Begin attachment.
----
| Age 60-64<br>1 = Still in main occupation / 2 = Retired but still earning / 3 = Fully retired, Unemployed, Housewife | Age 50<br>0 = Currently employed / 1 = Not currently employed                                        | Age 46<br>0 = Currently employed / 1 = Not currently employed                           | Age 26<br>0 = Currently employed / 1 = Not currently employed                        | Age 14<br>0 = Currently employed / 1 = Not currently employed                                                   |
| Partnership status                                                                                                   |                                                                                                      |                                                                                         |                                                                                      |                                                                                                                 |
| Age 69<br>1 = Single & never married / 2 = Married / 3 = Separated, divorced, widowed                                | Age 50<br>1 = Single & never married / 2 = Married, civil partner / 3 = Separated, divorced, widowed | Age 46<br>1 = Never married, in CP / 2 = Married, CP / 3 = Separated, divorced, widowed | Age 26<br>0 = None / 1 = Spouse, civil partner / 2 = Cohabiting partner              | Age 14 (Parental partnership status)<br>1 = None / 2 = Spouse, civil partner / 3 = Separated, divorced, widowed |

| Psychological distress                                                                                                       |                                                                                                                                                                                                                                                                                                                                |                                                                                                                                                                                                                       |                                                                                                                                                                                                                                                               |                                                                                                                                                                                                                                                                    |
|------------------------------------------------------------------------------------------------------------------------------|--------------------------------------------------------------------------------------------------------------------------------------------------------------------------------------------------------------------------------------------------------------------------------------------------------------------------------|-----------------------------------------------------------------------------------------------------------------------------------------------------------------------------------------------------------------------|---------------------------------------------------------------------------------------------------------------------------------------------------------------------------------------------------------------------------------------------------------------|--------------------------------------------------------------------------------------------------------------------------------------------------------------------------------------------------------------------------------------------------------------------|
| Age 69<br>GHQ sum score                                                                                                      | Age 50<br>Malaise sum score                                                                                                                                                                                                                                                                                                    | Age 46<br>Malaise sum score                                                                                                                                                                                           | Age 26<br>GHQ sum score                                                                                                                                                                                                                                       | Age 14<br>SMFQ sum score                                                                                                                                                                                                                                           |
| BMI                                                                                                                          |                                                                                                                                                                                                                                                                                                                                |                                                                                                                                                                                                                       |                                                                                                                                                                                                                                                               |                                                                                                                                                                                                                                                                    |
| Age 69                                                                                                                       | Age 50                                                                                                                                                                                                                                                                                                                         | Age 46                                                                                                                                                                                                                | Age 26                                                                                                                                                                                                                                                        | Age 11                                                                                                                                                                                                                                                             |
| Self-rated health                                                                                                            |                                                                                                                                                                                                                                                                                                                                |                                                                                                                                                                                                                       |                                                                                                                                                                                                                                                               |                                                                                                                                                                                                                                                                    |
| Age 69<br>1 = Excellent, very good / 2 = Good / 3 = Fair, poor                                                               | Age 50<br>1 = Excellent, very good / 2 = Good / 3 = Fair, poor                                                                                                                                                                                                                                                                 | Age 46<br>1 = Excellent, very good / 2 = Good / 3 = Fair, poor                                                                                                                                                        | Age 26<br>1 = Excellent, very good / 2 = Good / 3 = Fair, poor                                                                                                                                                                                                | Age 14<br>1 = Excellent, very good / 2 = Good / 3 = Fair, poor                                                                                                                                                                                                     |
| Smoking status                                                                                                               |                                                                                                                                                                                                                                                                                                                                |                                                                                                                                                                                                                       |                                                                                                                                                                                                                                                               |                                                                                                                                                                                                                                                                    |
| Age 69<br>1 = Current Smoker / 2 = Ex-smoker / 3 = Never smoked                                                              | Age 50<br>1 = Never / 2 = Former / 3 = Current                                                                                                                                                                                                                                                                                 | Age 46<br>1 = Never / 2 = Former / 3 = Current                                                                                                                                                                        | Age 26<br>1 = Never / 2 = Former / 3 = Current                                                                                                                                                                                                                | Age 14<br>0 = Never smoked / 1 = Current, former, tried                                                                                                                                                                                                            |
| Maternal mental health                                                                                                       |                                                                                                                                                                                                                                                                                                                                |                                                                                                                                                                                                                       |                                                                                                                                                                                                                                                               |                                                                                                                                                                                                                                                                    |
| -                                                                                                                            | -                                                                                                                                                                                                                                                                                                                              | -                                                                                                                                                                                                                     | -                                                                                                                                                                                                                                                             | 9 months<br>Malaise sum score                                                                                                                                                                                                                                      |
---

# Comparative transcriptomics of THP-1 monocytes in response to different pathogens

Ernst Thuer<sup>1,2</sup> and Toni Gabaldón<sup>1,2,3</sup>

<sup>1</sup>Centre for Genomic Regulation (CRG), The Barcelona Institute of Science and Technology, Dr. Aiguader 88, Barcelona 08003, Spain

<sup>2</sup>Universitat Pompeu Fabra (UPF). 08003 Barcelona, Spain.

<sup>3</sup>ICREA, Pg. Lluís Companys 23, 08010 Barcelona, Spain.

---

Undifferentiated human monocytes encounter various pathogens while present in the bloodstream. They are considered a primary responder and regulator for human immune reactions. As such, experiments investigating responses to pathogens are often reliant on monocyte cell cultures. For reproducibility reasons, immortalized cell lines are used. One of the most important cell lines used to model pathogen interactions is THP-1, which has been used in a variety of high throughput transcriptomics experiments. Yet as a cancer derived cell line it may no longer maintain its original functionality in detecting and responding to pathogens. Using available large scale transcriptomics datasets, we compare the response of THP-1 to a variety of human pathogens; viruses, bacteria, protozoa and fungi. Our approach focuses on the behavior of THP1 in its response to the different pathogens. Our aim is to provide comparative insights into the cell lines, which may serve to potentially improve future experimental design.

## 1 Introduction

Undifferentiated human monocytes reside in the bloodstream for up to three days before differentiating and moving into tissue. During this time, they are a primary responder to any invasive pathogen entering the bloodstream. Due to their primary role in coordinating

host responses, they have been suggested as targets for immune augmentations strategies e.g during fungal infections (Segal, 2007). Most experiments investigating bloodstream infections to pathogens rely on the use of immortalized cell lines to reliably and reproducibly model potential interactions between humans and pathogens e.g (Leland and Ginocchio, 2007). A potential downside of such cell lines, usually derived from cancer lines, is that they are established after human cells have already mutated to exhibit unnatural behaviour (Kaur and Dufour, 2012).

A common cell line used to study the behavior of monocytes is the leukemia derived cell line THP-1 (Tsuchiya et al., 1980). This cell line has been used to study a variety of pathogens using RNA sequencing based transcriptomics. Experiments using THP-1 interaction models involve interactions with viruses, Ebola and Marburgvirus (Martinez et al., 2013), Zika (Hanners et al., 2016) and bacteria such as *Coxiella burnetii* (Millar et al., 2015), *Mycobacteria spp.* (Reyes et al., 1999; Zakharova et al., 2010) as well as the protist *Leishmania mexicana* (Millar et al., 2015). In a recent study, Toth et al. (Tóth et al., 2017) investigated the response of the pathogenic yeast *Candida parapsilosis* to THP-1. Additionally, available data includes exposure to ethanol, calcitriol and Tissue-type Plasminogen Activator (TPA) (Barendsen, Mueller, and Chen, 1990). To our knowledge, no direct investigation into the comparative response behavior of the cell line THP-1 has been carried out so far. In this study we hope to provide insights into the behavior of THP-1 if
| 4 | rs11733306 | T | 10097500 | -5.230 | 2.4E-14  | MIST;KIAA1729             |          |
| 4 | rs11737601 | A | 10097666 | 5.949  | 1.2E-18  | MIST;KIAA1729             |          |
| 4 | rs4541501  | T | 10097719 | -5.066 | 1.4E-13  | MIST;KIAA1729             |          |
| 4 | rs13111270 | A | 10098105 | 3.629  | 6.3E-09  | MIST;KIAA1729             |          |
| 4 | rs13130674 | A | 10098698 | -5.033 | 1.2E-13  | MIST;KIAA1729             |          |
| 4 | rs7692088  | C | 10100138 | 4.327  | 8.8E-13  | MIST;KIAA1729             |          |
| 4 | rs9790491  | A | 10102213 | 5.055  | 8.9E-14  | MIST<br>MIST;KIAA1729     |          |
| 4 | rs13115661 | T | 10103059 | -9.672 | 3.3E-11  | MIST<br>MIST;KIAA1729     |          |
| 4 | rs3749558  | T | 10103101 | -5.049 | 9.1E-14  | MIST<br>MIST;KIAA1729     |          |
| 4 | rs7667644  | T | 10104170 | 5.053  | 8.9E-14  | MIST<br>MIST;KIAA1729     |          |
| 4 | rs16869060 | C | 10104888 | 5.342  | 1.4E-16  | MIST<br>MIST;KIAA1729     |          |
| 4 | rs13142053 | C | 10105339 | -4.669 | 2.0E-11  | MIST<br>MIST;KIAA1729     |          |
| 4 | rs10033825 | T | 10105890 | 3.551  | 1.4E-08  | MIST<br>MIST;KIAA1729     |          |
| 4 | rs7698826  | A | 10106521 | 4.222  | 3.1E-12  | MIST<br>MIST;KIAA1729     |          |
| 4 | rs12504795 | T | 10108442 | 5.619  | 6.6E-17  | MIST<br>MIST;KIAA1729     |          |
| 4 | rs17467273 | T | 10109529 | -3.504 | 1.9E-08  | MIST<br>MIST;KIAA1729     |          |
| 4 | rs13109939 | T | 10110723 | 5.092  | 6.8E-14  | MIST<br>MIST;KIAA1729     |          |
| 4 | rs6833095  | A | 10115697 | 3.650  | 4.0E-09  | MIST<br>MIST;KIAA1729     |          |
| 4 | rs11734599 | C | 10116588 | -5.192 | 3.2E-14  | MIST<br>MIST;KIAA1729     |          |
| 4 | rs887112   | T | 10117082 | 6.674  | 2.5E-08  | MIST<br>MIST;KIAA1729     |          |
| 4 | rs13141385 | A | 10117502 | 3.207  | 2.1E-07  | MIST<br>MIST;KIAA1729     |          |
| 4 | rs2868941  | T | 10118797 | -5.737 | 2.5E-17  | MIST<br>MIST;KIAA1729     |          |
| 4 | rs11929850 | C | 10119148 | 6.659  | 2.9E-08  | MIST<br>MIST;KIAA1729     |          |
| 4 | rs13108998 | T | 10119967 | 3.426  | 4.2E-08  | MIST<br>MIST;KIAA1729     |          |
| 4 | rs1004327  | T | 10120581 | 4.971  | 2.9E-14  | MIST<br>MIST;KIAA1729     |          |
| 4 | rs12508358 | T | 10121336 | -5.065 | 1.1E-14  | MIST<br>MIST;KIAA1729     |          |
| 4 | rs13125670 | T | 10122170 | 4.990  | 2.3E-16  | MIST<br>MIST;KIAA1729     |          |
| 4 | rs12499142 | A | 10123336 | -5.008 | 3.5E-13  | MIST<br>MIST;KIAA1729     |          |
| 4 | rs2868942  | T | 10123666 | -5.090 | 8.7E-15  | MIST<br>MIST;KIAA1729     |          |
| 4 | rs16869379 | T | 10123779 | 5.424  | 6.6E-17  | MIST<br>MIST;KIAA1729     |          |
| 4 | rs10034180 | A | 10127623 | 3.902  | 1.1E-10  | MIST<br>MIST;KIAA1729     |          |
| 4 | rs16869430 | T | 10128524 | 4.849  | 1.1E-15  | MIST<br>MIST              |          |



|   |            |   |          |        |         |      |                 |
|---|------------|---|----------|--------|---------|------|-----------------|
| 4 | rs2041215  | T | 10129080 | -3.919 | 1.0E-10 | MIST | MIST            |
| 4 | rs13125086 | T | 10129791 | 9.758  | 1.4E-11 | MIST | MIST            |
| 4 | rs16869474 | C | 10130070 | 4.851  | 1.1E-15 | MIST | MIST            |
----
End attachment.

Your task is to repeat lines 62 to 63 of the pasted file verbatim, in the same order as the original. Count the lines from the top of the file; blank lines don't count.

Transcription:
| 4 | rs13125086 | T | 10129791 | 9.758  | 1.4E-11 | MIST | MIST            |
| 4 | rs16869474 | C | 10130070 | 4.851  | 1.1E-15 | MIST | MIST            |